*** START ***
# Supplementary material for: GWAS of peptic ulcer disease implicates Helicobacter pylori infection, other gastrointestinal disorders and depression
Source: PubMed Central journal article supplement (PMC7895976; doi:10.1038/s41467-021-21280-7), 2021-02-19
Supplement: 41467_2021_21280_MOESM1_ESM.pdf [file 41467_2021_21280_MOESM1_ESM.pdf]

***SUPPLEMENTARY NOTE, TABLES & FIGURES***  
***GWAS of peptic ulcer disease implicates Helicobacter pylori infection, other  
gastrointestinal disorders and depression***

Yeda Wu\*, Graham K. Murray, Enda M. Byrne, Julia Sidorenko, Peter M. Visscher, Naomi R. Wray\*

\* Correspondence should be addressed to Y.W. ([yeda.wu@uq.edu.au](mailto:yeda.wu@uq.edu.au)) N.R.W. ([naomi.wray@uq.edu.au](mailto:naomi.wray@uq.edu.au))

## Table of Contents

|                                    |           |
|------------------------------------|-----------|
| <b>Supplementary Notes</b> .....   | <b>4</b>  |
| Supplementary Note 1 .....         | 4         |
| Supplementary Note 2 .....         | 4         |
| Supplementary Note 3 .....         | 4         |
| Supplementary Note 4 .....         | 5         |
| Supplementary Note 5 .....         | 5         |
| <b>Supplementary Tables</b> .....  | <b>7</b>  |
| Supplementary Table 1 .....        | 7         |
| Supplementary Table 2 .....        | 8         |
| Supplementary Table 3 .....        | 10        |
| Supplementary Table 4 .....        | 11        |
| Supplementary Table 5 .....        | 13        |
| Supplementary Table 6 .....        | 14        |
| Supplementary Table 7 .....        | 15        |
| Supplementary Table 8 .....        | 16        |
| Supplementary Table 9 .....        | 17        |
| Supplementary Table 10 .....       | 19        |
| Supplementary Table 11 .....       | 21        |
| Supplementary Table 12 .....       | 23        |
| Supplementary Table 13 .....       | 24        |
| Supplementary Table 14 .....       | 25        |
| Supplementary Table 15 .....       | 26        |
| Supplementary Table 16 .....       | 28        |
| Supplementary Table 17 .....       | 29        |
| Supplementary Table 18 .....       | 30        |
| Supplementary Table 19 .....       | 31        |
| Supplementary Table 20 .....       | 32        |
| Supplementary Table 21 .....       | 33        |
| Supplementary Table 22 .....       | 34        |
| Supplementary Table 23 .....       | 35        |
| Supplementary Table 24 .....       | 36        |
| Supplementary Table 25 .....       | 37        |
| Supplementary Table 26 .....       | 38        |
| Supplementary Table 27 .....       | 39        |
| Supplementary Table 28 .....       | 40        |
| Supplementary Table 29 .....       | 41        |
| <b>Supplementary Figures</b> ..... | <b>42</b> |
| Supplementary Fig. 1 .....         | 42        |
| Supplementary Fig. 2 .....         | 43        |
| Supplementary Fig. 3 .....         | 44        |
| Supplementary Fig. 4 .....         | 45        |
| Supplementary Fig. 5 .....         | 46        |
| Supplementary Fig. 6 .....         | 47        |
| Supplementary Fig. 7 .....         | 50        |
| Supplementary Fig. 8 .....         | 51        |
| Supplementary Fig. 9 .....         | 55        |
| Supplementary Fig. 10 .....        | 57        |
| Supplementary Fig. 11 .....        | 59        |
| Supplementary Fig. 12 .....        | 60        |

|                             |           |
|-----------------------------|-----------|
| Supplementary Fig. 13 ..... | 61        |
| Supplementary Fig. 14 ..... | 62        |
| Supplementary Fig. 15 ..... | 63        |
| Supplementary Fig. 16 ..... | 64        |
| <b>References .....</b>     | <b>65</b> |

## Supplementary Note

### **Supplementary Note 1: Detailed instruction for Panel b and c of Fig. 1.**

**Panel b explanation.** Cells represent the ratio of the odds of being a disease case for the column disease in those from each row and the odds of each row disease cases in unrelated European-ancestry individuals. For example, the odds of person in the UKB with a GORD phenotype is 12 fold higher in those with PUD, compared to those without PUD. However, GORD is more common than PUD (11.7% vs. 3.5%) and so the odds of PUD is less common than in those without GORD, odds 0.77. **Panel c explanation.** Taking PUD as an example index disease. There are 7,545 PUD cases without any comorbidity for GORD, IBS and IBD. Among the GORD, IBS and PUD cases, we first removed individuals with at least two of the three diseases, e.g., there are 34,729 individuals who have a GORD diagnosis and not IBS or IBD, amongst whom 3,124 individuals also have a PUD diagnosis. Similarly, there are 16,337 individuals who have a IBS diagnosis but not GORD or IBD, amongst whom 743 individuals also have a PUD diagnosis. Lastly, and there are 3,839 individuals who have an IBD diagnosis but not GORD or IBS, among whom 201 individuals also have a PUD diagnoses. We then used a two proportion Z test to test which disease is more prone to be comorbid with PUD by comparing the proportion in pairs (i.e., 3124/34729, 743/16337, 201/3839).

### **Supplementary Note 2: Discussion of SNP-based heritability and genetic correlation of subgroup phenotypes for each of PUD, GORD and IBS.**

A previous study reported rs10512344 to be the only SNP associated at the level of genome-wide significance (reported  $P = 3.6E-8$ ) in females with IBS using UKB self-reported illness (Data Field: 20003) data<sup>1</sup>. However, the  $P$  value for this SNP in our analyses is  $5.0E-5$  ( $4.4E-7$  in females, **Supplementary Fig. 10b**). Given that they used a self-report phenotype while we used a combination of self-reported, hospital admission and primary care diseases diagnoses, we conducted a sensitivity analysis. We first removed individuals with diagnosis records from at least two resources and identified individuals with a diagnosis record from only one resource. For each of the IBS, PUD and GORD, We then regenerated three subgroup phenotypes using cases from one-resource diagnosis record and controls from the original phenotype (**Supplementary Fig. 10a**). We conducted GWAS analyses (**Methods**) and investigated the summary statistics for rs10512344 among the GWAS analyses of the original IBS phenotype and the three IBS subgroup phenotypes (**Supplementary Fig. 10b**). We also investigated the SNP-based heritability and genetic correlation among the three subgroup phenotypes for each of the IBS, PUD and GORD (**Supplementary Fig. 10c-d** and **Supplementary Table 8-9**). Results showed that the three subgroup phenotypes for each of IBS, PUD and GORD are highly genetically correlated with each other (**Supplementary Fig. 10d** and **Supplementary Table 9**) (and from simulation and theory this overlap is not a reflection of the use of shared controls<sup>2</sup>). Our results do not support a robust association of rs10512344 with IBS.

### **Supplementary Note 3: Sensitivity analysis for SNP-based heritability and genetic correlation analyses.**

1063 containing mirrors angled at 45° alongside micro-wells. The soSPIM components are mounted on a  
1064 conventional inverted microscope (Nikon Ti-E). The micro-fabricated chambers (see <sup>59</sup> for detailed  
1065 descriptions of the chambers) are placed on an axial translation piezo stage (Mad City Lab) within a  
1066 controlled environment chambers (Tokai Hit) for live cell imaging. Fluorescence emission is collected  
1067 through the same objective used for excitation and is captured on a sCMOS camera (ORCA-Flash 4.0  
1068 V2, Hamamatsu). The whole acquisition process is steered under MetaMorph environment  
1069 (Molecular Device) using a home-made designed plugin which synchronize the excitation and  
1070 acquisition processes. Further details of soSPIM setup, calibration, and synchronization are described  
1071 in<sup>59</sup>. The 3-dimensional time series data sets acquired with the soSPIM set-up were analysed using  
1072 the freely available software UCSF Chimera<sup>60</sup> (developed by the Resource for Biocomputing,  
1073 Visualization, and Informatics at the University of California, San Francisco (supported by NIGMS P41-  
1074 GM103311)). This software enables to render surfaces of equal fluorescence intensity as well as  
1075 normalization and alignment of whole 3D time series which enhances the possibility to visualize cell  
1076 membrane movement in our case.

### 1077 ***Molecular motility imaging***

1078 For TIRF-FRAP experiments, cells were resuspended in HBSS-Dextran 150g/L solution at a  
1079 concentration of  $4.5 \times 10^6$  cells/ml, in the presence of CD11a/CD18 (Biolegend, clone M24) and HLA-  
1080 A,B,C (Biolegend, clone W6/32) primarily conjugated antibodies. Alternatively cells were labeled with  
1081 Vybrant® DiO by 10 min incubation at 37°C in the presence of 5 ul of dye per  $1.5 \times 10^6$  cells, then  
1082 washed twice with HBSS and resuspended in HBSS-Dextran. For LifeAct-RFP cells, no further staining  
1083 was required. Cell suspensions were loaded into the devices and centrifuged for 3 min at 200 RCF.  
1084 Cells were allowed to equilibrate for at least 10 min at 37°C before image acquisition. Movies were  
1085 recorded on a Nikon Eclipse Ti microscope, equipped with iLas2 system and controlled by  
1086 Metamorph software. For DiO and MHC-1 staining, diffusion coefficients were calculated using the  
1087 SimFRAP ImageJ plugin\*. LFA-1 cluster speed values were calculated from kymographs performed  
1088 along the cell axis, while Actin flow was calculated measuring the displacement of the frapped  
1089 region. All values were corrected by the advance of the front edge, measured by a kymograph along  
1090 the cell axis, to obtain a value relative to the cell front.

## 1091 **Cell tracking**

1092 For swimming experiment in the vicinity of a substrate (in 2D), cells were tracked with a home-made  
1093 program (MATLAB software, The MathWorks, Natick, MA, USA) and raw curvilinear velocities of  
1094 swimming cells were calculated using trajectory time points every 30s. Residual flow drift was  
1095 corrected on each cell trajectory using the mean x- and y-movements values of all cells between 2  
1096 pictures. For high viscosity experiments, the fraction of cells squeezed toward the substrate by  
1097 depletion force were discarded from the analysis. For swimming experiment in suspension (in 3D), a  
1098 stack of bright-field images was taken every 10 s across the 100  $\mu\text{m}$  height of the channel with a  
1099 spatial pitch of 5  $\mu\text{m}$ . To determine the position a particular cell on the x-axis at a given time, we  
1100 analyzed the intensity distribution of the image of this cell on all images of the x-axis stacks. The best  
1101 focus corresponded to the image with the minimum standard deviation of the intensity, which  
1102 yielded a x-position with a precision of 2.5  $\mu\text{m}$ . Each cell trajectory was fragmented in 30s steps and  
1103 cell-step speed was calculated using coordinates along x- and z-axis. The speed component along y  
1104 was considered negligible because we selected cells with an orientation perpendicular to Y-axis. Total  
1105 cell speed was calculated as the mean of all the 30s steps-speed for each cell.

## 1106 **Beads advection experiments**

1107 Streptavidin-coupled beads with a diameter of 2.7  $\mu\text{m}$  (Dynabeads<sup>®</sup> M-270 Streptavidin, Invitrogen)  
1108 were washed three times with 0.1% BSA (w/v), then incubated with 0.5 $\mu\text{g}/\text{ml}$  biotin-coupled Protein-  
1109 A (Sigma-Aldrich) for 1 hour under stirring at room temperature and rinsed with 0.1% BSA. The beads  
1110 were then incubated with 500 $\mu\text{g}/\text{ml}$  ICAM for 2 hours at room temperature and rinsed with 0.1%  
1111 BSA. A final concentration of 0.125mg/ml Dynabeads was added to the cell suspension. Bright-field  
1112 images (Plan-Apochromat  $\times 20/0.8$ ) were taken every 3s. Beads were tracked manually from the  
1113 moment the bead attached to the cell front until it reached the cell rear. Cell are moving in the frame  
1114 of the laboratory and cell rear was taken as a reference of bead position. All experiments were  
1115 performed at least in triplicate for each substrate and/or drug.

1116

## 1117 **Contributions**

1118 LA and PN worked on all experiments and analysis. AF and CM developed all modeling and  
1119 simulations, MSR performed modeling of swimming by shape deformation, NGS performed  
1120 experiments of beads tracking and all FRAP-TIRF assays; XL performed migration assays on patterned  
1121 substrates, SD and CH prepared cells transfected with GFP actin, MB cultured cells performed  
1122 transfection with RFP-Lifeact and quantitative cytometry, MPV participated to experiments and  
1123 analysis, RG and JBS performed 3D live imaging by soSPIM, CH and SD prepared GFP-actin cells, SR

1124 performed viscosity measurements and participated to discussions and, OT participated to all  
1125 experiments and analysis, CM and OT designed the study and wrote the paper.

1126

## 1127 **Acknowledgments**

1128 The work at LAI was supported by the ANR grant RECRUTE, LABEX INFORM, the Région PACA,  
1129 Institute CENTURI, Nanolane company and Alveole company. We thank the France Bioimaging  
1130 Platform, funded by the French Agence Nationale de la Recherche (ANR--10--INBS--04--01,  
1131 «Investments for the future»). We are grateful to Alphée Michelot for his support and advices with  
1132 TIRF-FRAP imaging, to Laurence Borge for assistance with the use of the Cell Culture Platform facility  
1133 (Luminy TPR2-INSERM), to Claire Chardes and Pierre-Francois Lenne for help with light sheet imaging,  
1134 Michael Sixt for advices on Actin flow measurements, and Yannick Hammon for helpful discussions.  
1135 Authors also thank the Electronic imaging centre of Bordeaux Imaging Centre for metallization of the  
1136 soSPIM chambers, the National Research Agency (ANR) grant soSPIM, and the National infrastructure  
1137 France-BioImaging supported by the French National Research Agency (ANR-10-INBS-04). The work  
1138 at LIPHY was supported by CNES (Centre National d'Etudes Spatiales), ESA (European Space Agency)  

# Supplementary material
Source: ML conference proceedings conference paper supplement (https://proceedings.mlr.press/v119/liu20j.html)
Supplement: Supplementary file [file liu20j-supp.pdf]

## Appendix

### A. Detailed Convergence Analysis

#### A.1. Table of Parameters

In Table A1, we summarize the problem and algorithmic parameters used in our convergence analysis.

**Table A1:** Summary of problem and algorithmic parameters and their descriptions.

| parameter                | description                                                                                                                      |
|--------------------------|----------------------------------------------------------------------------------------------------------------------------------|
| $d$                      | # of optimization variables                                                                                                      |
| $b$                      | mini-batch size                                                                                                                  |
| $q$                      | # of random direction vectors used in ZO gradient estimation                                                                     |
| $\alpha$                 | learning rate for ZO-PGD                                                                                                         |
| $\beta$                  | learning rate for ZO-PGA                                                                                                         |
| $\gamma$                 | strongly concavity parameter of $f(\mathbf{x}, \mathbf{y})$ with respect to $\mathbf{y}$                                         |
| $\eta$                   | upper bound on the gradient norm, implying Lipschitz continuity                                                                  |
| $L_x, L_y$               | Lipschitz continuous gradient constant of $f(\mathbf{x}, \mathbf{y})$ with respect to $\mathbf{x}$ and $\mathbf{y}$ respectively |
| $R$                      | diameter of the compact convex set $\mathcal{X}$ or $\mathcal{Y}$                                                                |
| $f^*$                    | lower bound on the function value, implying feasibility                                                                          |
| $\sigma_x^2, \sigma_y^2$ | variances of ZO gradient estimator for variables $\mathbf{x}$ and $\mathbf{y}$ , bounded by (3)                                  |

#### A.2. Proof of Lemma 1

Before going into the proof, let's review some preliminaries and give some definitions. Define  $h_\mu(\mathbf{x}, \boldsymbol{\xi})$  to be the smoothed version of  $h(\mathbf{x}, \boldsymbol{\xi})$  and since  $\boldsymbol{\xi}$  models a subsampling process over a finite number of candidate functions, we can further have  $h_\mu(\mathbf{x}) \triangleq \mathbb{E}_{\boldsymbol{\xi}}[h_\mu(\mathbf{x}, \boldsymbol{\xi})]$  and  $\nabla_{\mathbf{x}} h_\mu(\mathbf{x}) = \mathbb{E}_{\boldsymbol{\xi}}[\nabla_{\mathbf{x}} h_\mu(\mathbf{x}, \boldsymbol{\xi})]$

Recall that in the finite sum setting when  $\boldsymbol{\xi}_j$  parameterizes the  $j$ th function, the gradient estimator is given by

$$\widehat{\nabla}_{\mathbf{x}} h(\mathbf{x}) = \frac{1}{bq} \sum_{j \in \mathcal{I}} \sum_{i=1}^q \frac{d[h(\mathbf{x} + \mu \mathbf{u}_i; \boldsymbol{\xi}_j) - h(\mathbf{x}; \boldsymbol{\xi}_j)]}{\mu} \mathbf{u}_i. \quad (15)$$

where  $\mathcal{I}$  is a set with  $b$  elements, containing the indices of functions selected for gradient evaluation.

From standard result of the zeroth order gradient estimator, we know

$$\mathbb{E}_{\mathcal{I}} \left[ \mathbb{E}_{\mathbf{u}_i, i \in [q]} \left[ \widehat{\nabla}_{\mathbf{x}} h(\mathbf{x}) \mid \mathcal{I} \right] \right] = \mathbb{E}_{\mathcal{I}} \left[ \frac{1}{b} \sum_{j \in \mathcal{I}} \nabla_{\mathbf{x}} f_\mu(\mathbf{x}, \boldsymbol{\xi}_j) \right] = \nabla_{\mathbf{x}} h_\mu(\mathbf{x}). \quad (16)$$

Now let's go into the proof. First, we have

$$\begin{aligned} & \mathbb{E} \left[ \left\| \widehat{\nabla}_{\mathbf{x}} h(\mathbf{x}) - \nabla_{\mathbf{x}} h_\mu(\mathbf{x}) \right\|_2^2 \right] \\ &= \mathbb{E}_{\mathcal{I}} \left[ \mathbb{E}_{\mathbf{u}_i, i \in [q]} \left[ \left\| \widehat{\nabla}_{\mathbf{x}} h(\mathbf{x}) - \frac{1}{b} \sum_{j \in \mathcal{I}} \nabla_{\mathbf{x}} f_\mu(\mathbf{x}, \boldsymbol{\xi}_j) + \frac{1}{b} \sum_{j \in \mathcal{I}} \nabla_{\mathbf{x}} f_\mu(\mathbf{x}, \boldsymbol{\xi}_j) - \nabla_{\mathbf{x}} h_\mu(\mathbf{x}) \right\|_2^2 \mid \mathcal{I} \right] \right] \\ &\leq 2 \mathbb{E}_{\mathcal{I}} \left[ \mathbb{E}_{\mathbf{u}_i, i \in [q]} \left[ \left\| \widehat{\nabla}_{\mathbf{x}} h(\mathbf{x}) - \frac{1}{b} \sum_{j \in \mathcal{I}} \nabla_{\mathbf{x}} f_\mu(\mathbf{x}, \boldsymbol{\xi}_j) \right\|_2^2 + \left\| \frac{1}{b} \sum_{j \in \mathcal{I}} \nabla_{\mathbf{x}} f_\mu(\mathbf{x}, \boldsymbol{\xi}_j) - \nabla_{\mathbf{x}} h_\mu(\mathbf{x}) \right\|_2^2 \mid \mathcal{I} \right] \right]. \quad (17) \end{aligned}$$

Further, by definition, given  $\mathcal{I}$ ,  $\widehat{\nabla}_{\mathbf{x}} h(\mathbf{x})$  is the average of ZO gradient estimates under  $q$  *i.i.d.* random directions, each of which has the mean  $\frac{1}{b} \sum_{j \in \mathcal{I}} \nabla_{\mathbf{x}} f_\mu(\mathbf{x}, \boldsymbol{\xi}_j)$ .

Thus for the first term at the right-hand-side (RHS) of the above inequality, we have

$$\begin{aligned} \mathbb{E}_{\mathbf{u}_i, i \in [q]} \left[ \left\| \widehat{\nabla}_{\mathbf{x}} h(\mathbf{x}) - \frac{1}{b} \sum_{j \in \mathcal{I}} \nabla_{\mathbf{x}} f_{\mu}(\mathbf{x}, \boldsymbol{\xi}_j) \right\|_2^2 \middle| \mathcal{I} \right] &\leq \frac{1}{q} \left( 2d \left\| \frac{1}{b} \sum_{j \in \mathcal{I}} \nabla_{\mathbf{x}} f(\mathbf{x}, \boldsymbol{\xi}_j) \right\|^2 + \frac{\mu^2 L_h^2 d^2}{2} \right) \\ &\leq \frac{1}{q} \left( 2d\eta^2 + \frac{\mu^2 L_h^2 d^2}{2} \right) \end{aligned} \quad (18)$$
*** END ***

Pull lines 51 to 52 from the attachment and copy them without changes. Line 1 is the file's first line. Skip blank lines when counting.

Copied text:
| Supplementary Fig. 3 .....         | 44        |
| Supplementary Fig. 4 .....         | 45        |